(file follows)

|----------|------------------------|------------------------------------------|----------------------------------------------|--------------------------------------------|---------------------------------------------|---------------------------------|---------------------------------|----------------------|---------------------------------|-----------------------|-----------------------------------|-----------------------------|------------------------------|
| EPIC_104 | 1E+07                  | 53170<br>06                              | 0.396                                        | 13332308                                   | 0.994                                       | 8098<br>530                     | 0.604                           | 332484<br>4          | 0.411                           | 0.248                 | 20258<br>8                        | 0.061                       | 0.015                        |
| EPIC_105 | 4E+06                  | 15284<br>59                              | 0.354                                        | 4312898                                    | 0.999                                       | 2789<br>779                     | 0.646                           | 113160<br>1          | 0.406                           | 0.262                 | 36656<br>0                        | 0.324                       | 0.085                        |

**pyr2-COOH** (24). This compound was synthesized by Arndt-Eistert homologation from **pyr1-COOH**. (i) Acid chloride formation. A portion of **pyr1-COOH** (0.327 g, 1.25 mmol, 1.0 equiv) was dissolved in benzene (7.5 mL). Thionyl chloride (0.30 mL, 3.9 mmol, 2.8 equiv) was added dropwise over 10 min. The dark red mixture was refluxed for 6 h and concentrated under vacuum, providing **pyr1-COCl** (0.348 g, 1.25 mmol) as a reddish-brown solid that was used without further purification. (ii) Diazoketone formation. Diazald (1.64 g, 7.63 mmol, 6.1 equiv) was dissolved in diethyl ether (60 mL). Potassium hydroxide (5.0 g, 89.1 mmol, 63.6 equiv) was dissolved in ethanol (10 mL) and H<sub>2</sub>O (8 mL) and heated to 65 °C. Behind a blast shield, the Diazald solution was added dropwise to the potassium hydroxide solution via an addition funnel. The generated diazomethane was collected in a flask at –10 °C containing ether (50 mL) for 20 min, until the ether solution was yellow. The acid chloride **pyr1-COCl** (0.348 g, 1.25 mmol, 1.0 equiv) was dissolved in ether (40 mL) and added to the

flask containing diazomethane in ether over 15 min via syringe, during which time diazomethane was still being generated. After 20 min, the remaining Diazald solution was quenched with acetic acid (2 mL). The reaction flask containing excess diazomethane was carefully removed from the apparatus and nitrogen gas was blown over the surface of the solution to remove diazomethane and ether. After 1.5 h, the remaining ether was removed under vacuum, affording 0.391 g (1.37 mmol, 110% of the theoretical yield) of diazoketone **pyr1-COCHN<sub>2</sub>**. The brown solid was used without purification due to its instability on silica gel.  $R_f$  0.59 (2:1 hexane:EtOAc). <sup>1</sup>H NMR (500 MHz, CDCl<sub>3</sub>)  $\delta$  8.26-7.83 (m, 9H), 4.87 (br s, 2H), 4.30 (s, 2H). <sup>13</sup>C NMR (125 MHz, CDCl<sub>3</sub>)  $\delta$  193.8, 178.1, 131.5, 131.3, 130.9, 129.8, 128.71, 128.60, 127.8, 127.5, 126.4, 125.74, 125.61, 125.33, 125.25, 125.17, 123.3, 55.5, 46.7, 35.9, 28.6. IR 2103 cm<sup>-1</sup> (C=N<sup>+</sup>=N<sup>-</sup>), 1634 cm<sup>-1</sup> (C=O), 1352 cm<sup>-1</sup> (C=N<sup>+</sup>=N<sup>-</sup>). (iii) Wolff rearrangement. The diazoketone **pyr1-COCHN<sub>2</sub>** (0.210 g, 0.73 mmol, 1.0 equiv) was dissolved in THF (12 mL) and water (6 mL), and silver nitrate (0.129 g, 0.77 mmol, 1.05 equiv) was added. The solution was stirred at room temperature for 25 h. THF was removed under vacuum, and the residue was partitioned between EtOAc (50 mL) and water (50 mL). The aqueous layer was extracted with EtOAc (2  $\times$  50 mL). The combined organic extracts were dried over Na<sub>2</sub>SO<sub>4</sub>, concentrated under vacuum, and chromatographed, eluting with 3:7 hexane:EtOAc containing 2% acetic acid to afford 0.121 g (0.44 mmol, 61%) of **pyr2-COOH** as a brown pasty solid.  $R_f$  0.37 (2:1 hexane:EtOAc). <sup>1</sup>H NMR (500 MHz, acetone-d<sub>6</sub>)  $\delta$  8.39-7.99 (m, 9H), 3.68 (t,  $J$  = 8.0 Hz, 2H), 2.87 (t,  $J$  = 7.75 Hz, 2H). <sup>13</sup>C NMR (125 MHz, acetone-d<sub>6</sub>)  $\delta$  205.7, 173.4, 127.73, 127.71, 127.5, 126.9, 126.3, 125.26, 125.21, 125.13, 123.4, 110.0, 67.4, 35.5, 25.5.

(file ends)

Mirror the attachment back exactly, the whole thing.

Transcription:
|----------|------------------------|------------------------------------------|----------------------------------------------|--------------------------------------------|---------------------------------------------|---------------------------------|---------------------------------|----------------------|---------------------------------|-----------------------|-----------------------------------|-----------------------------|------------------------------|
| EPIC_104 | 1E+07                  | 53170<br>06                              | 0.396                                        | 13332308                                   | 0.994                                       | 8098<br>530                     | 0.604                           | 332484<br>4          | 0.411                           | 0.248                 | 20258<br>8                        | 0.061                       | 0.015                        |
| EPIC_105 | 4E+06                  | 15284<br>59                              | 0.354                                        | 4312898                                    | 0.999                                       | 2789<br>779                     | 0.646                           | 113160<br>1          | 0.406                           | 0.262                 | 36656<br>0                        | 0.324                       | 0.085                        |

**pyr2-COOH** (24). This compound was synthesized by Arndt-Eistert homologation from **pyr1-COOH**. (i) Acid chloride formation. A portion of **pyr1-COOH** (0.327 g, 1.25 mmol, 1.0 equiv) was dissolved in benzene (7.5 mL). Thionyl chloride (0.30 mL, 3.9 mmol, 2.8 equiv) was added dropwise over 10 min. The dark red mixture was refluxed for 6 h and concentrated under vacuum, providing **pyr1-COCl** (0.348 g, 1.25 mmol) as a reddish-brown solid that was used without further purification. (ii) Diazoketone formation. Diazald (1.64 g, 7.63 mmol, 6.1 equiv) was dissolved in diethyl ether (60 mL). Potassium hydroxide (5.0 g, 89.1 mmol, 63.6 equiv) was dissolved in ethanol (10 mL) and H<sub>2</sub>O (8 mL) and heated to 65 °C. Behind a blast shield, the Diazald solution was added dropwise to the potassium hydroxide solution via an addition funnel. The generated diazomethane was collected in a flask at –10 °C containing ether (50 mL) for 20 min, until the ether solution was yellow. The acid chloride **pyr1-COCl** (0.348 g, 1.25 mmol, 1.0 equiv) was dissolved in ether (40 mL) and added to the

flask containing diazomethane in ether over 15 min via syringe, during which time diazomethane was still being generated. After 20 min, the remaining Diazald solution was quenched with acetic acid (2 mL). The reaction flask containing excess diazomethane was carefully removed from the apparatus and nitrogen gas was blown over the surface of the solution to remove diazomethane and ether. After 1.5 h, the remaining ether was removed under vacuum, affording 0.391 g (1.37 mmol, 110% of the theoretical yield) of diazoketone **pyr1-COCHN<sub>2</sub>**. The brown solid was used without purification due to its instability on silica gel.  $R_f$  0.59 (2:1 hexane:EtOAc). <sup>1</sup>H NMR (500 MHz, CDCl<sub>3</sub>)  $\delta$  8.26-7.83 (m, 9H), 4.87 (br s, 2H), 4.30 (s, 2H). <sup>13</sup>C NMR (125 MHz, CDCl<sub>3</sub>)  $\delta$  193.8, 178.1, 131.5, 131.3, 130.9, 129.8, 128.71, 128.60, 127.8, 127.5, 126.4, 125.74, 125.61, 125.33, 125.25, 125.17, 123.3, 55.5, 46.7, 35.9, 28.6. IR 2103 cm<sup>-1</sup> (C=N<sup>+</sup>=N<sup>-</sup>), 1634 cm<sup>-1</sup> (C=O), 1352 cm<sup>-1</sup> (C=N<sup>+</sup>=N<sup>-</sup>). (iii) Wolff rearrangement. The diazoketone **pyr1-COCHN<sub>2</sub>** (0.210 g, 0.73 mmol, 1.0 equiv) was dissolved in THF (12 mL) and water (6 mL), and silver nitrate (0.129 g, 0.77 mmol, 1.05 equiv) was added. The solution was stirred at room temperature for 25 h. THF was removed under vacuum, and the residue was partitioned between EtOAc (50 mL) and water (50 mL). The aqueous layer was extracted with EtOAc (2  $\times$  50 mL). The combined organic extracts were dried over Na<sub>2</sub>SO<sub>4</sub>, concentrated under vacuum, and chromatographed, eluting with 3:7 hexane:EtOAc containing 2% acetic acid to afford 0.121 g (0.44 mmol, 61%) of **pyr2-COOH** as a brown pasty solid.  $R_f$  0.37 (2:1 hexane:EtOAc). <sup>1</sup>H NMR (500 MHz, acetone-d<sub>6</sub>)  $\delta$  8.39-7.99 (m, 9H), 3.68 (t,  $J$  = 8.0 Hz, 2H), 2.87 (t,  $J$  = 7.75 Hz, 2H). <sup>13</sup>C NMR (125 MHz, acetone-d<sub>6</sub>)  $\delta$  205.7, 173.4, 127.73, 127.71, 127.5, 126.9, 126.3, 125.26, 125.21, 125.13, 123.4, 110.0, 67.4, 35.5, 25.5.